Conduct to follow and first line examinations when confronted with high serum cobalamin. PEP, protein electrophoresis; ALP, alkaline phosphatases; PL, prothrombin level; SR, sedimentation rate; CRP, C-reactive protein; CBC, complete blood count.

Figure 3

Guidelines for clinician in case of high serum cobalamin level.

Figure 3

Guidelines for clinician in case of high serum cobalamin level.

Conclusions

High serum cobalamin is a frequent and underestimated anomaly. Clinically, it can sometimes be paradoxically accompanied by signs of deficiency resulting in a functional deficit linked to qualitative anomalies, which are related to defects in tissue uptake and action of vitamin B12. The aetiological profile of high serum cobalamin mostly encompasses severe disease entities for which early diagnosis is crucial to prognosis. These entities are essentially comprised of solid neoplasms, haematologic malignancies and liver diseases. This reflects the potential importance of a vitamin B12 assay as a possible early marker in the working diagnosis of these diseases. A codified approach is needed to determine the potential indications of the search for high serum cobalamin and the approach to adopt upon discovery of elevated cobalamin levels. As in many fields of medicine, further studies are needed more than ever to better understand the clinical data related to high serum cobalamin.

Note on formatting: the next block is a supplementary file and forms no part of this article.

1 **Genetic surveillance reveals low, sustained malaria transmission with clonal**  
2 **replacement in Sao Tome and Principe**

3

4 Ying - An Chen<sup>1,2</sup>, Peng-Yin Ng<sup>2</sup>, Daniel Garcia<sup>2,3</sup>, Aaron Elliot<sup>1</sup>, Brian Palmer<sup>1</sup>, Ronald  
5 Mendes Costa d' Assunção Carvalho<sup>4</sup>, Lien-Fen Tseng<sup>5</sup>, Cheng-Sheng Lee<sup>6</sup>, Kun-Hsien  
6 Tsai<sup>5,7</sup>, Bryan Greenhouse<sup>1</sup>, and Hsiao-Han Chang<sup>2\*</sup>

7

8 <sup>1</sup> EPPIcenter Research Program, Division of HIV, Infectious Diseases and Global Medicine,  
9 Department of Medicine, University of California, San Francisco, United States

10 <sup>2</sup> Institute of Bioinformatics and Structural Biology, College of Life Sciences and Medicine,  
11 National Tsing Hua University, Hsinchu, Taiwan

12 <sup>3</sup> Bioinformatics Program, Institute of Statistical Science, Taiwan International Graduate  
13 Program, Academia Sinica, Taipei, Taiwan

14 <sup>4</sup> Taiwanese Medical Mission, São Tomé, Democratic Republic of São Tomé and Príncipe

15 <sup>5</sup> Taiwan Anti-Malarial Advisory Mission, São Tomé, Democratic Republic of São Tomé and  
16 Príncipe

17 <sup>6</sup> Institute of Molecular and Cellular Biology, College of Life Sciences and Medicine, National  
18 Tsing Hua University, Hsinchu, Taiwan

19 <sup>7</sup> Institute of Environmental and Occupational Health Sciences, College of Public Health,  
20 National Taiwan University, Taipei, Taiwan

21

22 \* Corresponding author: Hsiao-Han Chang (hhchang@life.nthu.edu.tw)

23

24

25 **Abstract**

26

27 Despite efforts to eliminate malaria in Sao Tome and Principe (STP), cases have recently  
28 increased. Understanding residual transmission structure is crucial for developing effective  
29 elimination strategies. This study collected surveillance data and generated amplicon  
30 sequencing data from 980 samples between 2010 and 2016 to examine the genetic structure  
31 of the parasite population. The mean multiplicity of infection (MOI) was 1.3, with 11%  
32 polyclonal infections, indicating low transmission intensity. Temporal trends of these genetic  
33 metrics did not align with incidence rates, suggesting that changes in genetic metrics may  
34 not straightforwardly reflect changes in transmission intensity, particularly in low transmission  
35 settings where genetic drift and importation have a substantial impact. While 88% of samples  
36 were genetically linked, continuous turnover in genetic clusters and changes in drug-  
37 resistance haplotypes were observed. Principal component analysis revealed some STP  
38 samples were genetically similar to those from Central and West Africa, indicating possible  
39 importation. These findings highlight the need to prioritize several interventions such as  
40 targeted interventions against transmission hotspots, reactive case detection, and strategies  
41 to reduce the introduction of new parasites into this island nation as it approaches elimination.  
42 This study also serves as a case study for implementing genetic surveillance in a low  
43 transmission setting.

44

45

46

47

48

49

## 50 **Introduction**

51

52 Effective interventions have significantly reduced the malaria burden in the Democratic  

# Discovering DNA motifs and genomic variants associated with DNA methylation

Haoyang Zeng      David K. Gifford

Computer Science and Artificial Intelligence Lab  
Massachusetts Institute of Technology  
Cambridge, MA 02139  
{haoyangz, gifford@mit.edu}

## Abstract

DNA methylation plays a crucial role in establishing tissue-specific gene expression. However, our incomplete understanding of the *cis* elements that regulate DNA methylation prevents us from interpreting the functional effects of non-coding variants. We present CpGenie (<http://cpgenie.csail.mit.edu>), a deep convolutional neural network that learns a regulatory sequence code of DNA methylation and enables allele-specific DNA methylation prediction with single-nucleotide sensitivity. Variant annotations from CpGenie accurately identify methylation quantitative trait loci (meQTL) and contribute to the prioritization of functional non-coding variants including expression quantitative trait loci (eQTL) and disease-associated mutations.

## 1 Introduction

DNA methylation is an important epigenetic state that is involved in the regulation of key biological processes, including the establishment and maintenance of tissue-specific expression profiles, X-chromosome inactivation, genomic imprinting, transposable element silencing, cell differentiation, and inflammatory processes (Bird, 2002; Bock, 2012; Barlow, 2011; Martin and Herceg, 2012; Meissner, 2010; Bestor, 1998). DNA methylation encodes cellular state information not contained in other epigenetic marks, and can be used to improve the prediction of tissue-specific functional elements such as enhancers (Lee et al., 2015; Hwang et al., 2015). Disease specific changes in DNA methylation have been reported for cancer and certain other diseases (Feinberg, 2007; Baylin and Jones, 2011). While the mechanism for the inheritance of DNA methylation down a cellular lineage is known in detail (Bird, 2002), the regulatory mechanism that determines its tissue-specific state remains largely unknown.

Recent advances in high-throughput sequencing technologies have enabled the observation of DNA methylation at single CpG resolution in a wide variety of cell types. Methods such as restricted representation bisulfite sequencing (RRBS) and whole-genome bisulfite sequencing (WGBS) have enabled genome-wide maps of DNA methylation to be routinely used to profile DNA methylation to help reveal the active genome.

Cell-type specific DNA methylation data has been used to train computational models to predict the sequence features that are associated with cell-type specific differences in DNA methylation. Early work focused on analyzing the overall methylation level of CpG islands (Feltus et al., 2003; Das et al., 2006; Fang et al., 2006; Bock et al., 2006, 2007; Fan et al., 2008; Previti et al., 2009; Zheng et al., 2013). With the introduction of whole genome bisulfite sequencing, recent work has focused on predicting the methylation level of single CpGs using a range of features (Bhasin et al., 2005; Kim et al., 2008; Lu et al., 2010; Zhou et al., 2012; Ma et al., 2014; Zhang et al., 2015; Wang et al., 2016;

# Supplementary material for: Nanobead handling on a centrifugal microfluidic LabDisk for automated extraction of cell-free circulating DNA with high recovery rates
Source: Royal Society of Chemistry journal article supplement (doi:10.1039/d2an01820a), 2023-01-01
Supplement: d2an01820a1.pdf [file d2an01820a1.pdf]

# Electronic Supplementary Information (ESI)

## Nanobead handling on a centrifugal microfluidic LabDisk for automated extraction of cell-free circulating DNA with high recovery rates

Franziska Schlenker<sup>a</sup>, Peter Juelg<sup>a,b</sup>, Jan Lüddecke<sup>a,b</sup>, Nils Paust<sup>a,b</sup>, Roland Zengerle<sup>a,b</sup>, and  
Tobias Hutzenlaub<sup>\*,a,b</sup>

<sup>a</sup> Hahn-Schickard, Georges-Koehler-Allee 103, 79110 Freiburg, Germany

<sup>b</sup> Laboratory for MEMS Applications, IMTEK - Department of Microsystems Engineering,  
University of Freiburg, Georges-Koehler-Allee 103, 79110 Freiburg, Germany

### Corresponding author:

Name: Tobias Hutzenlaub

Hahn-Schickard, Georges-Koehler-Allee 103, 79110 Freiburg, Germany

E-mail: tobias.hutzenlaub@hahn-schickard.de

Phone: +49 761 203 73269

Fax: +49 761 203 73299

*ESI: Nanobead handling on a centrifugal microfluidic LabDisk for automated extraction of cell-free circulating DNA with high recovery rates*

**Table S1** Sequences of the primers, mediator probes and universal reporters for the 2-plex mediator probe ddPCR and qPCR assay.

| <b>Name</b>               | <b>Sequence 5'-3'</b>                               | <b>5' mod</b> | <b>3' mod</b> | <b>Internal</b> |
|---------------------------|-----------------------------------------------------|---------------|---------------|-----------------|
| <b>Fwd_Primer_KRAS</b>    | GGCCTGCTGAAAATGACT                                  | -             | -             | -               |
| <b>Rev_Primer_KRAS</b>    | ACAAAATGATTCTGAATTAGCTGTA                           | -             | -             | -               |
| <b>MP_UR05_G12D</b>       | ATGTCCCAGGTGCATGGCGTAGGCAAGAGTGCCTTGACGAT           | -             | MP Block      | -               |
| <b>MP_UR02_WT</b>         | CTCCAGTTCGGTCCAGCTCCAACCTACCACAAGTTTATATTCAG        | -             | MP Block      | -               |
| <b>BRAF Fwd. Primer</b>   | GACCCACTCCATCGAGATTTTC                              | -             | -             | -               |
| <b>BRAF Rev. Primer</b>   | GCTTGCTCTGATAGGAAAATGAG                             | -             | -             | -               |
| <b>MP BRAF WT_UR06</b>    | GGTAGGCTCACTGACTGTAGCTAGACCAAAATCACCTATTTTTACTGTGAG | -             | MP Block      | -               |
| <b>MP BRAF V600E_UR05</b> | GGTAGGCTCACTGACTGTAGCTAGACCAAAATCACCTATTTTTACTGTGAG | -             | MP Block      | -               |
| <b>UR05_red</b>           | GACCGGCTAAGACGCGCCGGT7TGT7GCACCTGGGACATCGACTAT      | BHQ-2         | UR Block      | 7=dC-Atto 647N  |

Acknowledgements

Prof. E. Andrès is a member of the Commission Nationale de Pharmacovigilance (National Commission of Pharmacovigilance). The data developed herein solely represent his personal opinion. He is responsible for the Centre de Compétences des Cytopénies Auto-Immunes de l’Adulte (Competence Centre of Autoimmune Cytopenia in Adults) at the CHRU de Strasbourg. He leads a working group on vitamin B12 deficiency at the University Hospital of Strasbourg (CARE B12) and is a member of GRAMI: Groupe de Recherche sur les Anémies en Médecine Interne (Research Group on Anemia in Internal Medicine). He is an expert consultant to several laboratories involved in haematology (AMGEN, ROCHE, CHUGAI, GSK, VIFOR Pharma, FERRING, BMS, SHERRING, GENZYME, ACTELION) and has participated in numerous international and national studies sponsored by these laboratories or academic works.

Conflict of interest: None declared.